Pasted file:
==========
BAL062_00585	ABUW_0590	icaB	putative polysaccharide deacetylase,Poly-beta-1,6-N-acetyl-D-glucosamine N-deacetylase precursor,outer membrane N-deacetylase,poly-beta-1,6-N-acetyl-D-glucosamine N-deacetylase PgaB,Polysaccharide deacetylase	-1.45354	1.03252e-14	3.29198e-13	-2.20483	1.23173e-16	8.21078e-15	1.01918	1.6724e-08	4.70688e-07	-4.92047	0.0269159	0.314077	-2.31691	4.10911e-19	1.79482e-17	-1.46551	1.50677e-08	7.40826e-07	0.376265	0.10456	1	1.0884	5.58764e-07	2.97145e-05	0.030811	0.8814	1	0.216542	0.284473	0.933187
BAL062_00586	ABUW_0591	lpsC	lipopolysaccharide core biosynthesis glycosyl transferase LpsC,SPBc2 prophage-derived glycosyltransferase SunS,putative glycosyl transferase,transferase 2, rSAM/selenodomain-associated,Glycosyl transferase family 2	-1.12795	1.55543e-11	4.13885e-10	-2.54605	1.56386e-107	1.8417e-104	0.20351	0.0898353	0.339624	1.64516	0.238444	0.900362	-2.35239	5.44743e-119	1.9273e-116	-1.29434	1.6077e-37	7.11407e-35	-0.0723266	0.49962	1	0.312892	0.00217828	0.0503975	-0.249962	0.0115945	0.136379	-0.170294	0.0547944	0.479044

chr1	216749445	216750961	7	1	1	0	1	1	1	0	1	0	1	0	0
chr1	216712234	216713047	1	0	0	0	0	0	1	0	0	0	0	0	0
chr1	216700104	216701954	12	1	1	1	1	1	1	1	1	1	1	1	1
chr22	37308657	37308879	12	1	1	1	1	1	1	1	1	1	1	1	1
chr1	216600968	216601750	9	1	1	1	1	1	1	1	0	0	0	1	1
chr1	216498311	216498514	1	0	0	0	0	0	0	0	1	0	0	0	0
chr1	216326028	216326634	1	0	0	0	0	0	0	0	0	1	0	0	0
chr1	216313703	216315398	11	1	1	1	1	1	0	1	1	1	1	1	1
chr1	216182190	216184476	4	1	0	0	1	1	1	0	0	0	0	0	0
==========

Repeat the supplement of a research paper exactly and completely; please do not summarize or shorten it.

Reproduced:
BAL062_00585	ABUW_0590	icaB	putative polysaccharide deacetylase,Poly-beta-1,6-N-acetyl-D-glucosamine N-deacetylase precursor,outer membrane N-deacetylase,poly-beta-1,6-N-acetyl-D-glucosamine N-deacetylase PgaB,Polysaccharide deacetylase	-1.45354	1.03252e-14	3.29198e-13	-2.20483	1.23173e-16	8.21078e-15	1.01918	1.6724e-08	4.70688e-07	-4.92047	0.0269159	0.314077	-2.31691	4.10911e-19	1.79482e-17	-1.46551	1.50677e-08	7.40826e-07	0.376265	0.10456	1	1.0884	5.58764e-07	2.97145e-05	0.030811	0.8814	1	0.216542	0.284473	0.933187
BAL062_00586	ABUW_0591	lpsC	lipopolysaccharide core biosynthesis glycosyl transferase LpsC,SPBc2 prophage-derived glycosyltransferase SunS,putative glycosyl transferase,transferase 2, rSAM/selenodomain-associated,Glycosyl transferase family 2	-1.12795	1.55543e-11	4.13885e-10	-2.54605	1.56386e-107	1.8417e-104	0.20351	0.0898353	0.339624	1.64516	0.238444	0.900362	-2.35239	5.44743e-119	1.9273e-116	-1.29434	1.6077e-37	7.11407e-35	-0.0723266	0.49962	1	0.312892	0.00217828	0.0503975	-0.249962	0.0115945	0.136379	-0.170294	0.0547944	0.479044

chr1	216749445	216750961	7	1	1	0	1	1	1	0	1	0	1	0	0
chr1	216712234	216713047	1	0	0	0	0	0	1	0	0	0	0	0	0
chr1	216700104	216701954	12	1	1	1	1	1	1	1	1	1	1	1	1
chr22	37308657	37308879	12	1	1	1	1	1	1	1	1	1	1	1	1
chr1	216600968	216601750	9	1	1	1	1	1	1	1	0	0	0	1	1
chr1	216498311	216498514	1	0	0	0	0	0	0	0	1	0	0	0	0
chr1	216326028	216326634	1	0	0	0	0	0	0	0	0	1	0	0	0
chr1	216313703	216315398	11	1	1	1	1	1	0	1	1	1	1	1	1
chr1	216182190	216184476	4	1	0	0	1	1	1	0	0	0	0	0	0